DJ Annie Nightingale has revealed she knew about John Lennon and Yoko Ono’s relationship before it was made public but did not report the story for fear of breaking her bond of trust with the Beatles.
The broadcaster, the first female presenter on BBC Radio 1 and its longest serving host, was a frequent guest at the band’s Apple Studios in London during the 1960s.
She had a front-row seat to one of the most creative periods in British popular music and was among the first to know about Lennon and Ono.
However, Nightingale said that while it would have been a huge story, she did not write about it in her newspaper column in case she upset the Beatles.
During an appearance on Desert Island Discs, she said: “I was accepted but also knew that they had a kind of code, one strike and you’re out. You let them down, you break that trust, and that’s it, it’s over.
“And I thought that was perfectly fair. I knew about John and Yoko before it was announced.”
Nightingale, 80, added: “If that story breaks then they’ll think ‘oh, it’s your fault’. And when they did go public it was a great relief because sometimes it’s not good to be in the right place at the right time.
“I wasn’t hanging out there the whole time but it was an extraordinary atmosphere. Lauren Bacall would come in there and Jimmy Webb, the songwriter. People would just appear.
“And I took my son to the Apple Christmas party and John Lennon was Father Christmas and Yoko Ono was Mother Christmas. They did extraordinary things and I felt very privileged to be allowed in.”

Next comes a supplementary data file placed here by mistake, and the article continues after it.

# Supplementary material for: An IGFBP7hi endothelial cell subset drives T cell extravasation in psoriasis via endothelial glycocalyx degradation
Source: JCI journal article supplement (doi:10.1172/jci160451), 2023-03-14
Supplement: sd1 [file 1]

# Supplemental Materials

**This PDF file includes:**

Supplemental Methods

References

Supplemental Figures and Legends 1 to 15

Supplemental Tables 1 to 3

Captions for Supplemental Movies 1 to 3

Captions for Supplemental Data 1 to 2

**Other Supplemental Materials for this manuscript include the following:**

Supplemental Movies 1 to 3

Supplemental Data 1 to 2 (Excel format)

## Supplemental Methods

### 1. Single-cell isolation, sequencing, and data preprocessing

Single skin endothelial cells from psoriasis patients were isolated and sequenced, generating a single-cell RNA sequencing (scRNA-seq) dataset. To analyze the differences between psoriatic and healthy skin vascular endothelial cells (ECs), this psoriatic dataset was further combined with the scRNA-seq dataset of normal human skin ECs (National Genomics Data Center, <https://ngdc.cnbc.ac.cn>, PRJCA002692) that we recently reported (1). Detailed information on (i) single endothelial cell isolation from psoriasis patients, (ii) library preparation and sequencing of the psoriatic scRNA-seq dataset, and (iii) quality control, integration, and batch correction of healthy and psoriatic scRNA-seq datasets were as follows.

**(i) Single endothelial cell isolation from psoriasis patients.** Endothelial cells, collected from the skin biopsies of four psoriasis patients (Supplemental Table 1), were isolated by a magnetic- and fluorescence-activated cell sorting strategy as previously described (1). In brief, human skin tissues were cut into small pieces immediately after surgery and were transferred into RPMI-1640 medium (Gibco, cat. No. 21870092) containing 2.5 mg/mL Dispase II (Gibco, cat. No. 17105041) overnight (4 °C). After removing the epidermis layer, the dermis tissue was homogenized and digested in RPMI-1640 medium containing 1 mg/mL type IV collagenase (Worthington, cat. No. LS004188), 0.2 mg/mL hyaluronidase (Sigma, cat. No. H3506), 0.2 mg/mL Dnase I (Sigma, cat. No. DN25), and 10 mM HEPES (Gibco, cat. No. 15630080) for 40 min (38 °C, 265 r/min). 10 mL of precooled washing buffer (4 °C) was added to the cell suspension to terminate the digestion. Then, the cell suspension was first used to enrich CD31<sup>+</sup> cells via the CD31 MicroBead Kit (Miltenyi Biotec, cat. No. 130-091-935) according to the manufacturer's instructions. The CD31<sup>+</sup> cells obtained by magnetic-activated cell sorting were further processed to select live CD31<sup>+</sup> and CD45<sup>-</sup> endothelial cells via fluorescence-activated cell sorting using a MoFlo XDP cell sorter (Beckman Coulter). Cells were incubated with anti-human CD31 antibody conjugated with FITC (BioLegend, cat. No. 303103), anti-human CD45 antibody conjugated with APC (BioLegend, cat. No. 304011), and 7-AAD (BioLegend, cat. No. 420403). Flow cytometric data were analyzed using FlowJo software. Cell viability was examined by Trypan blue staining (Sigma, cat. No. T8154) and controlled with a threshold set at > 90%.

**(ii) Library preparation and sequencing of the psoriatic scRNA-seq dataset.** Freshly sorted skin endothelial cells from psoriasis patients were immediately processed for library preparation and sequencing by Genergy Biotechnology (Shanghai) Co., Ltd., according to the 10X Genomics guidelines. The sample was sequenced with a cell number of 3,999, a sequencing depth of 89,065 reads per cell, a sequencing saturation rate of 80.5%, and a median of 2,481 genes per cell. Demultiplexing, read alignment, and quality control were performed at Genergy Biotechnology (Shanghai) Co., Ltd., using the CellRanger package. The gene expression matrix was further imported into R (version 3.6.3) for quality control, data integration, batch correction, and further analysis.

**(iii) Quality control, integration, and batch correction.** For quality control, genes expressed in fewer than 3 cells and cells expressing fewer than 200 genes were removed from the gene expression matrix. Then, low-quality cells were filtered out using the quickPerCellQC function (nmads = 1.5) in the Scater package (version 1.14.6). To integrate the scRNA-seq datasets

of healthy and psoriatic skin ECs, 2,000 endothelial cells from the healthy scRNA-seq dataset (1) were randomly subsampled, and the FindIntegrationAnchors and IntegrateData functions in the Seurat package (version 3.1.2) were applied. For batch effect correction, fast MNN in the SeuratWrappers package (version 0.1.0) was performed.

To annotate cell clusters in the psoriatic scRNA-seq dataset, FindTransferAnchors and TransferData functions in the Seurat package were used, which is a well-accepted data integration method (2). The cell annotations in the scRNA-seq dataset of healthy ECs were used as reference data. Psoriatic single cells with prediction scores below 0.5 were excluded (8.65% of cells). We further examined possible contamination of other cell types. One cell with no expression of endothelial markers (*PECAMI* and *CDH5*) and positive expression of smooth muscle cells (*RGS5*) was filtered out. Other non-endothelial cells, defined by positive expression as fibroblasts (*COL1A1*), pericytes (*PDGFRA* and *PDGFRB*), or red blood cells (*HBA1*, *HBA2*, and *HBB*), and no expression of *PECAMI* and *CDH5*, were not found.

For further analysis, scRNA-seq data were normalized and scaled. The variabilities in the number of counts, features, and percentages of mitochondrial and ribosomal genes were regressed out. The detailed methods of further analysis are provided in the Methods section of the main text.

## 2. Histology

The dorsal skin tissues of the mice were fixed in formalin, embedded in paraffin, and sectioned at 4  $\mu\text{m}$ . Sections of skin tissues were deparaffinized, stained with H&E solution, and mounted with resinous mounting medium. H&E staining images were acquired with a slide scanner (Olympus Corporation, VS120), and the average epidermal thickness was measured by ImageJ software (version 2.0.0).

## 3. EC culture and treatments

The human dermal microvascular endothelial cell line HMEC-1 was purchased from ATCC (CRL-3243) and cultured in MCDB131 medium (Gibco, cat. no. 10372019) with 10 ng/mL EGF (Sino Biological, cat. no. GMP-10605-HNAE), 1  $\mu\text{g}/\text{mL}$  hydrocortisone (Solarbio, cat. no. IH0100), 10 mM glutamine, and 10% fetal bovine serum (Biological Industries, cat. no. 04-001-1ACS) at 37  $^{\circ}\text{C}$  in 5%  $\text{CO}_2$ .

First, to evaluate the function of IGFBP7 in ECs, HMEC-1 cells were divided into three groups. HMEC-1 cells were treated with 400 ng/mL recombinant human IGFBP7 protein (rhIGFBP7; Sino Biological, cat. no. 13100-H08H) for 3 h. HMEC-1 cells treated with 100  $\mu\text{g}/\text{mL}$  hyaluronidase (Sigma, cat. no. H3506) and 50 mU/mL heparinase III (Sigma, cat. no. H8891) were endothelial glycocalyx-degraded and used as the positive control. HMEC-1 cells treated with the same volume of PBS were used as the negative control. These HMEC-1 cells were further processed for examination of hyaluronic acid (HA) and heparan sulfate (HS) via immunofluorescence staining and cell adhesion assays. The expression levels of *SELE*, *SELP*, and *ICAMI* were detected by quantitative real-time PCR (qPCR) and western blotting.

Lennon and Ono’s relationship is often blamed for breaking up the Beatles. They were married from 1969 until Lennon’s murder in 1980.
Nightingale, whose Desert Island Discs included songs from Billie Eilish, Beyonce and Lennon, began her Radio 1 career in 1970, three years after the station was established.
She told host Lauren Laverne she asked for a job when it started but was turned down because she was a woman.
Nightingale said: “They came out with this wonderful line, they said ‘our disc jockeys are husband substitutes’. Which I thought was an extraordinary thing to say.
“That set up a lot of assumptions that all the women pop fans were housewives at home doing the ironing. And they would say, ‘why would a woman want to be a DJ?’ They were bewildered.”
When she did get her chance, Nightingale said her first show was a “complete disaster” after she made a mistake and brought the station to a halt.
And in her early days at the pop music-focused Radio 1, Nightingale said she encountered resistance from the engineers.
“I felt that the technical guys were waiting for me to fail,” she said.
Listen to Nightingale’s episode of Desert Island Discs on BBC Sounds and BBC Radio 4 on Sunday at 11am.